Pathfinders to the past

The antiquarian road to Irish historical writing, 1640–1960

Próinséas Ní Chatháin & Siobhán Fitzpatrick, editors, with Howard B. Clarke

Hardback €45.00
Catalogue Price: €50.00
ISBN: 978-1-84682-345-9
October 2012. 200pp; ills.

‘This notable collection of fourteen erudite essays, well shod with footnotes, is a persuasive introduction to the studies it wishes to promote. This book is an encouragement to join the RSAI, as I hope many do', Rory Brennan, Books Ireland (May 2013).

‘This volume of essays about antiquaries in Ireland gives us the opportunity to consider how much this type of scholar and scholarship has pioneered and augmented cultural, historical, archaeological and linguistic studies not only in Ireland but across Europe and the Near East through the ages … Pathfinders to the Past gives us a roll-call of antiquaries and their connection with history and archaeology. We see a fine intellectual tradition being developed in Ireland … the essays illuminate how much the “pathfinders”, many of them members of the RSAI, contributed to both knowledge and methodology in uncovering the Irish past … This book shows that the RSAI is still active and productive intellectual and, in its tribute to past antiquaries, it also shows how important their contribution to the archaeological and historical record was and continues to be', Angélique Day, Ulster Journal of Archaeology (2011).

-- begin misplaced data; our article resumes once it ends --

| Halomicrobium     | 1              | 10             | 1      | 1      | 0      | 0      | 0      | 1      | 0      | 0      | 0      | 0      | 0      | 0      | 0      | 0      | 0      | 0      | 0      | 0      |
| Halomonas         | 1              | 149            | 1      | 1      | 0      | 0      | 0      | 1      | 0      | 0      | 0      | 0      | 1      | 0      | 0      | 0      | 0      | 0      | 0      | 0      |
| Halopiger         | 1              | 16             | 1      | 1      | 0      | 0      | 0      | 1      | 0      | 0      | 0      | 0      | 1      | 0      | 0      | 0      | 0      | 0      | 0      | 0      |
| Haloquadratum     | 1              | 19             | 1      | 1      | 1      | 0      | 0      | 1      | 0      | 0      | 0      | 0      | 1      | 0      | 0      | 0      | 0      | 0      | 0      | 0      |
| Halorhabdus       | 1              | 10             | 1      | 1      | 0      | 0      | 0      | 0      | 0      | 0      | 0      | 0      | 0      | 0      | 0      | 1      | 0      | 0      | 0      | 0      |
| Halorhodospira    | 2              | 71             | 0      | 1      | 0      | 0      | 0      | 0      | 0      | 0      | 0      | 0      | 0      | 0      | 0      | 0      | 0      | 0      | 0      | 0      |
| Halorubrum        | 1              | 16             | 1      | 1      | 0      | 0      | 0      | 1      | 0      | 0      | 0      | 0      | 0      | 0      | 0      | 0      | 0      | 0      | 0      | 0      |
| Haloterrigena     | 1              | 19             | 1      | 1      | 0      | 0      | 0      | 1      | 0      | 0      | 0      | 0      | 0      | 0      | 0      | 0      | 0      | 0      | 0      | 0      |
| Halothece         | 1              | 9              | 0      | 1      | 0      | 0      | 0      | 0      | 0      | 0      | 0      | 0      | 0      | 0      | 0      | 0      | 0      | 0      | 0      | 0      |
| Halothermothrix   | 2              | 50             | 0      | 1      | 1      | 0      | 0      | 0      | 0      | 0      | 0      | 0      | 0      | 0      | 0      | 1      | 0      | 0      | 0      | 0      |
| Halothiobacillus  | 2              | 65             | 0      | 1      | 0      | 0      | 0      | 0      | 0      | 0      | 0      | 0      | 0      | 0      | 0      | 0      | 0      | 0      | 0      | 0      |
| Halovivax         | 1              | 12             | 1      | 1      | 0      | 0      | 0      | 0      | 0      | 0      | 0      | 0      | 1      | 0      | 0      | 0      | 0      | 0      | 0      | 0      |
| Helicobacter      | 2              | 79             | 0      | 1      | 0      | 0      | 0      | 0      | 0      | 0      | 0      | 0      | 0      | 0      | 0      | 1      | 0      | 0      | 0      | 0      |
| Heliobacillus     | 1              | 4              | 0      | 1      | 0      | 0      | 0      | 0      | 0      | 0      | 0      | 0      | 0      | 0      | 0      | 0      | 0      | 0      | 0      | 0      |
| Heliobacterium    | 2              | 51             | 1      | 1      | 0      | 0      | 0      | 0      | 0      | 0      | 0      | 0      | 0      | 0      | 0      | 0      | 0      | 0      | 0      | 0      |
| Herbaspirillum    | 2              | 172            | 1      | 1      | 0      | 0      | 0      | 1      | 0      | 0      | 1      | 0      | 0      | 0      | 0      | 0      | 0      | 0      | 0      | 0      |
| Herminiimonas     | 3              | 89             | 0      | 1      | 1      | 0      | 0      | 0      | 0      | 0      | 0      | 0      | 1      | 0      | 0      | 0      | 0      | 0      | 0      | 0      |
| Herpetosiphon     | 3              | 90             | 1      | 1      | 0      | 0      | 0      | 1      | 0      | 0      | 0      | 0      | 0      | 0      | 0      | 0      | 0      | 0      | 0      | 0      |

‘[This] is a wonderful collection of interdisciplinary essays compiled for the 150th anniversary of the foundation of the Royal Society of Antiquaries of Ireland. The essays cover the period from the turbulent seventeenth century – the Ireland of wars, destruction, plantation and dispossession – right through to the mid-twentieth century and the emergence of political and social modernity in Ireland', Michael Merrigan, Ireland's Genealogical Gazette (January 2013).

‘This book is a study of distinguished antiquarians and is important in taking them chronologically from Dubhaltach Mac Fhirbhisigh in the 17th century to J.J. Tierney in the 20th. This approach enables us to appreciate the development of the disciplines and to get an idea of the sweep of Irish history', Books Ireland (December 2012).

‘When read together, there is a pleasing coherence to the volume, and the progression from the eighteenth-century world of Walter Harris through to T.J. Westropp, H.S. Crwawford and R.A.S. Macalister in the early twentieth century is clear enough … an informative collection of essays, attractively presented', Bernadette Cunningham, GSIHS (2012-3).

‘It is a handsome production that will be referred to by scholars for years to come … it is a book that deserves a wide readership', Roddy Hegarty, Seanchas Ard Maca (2013).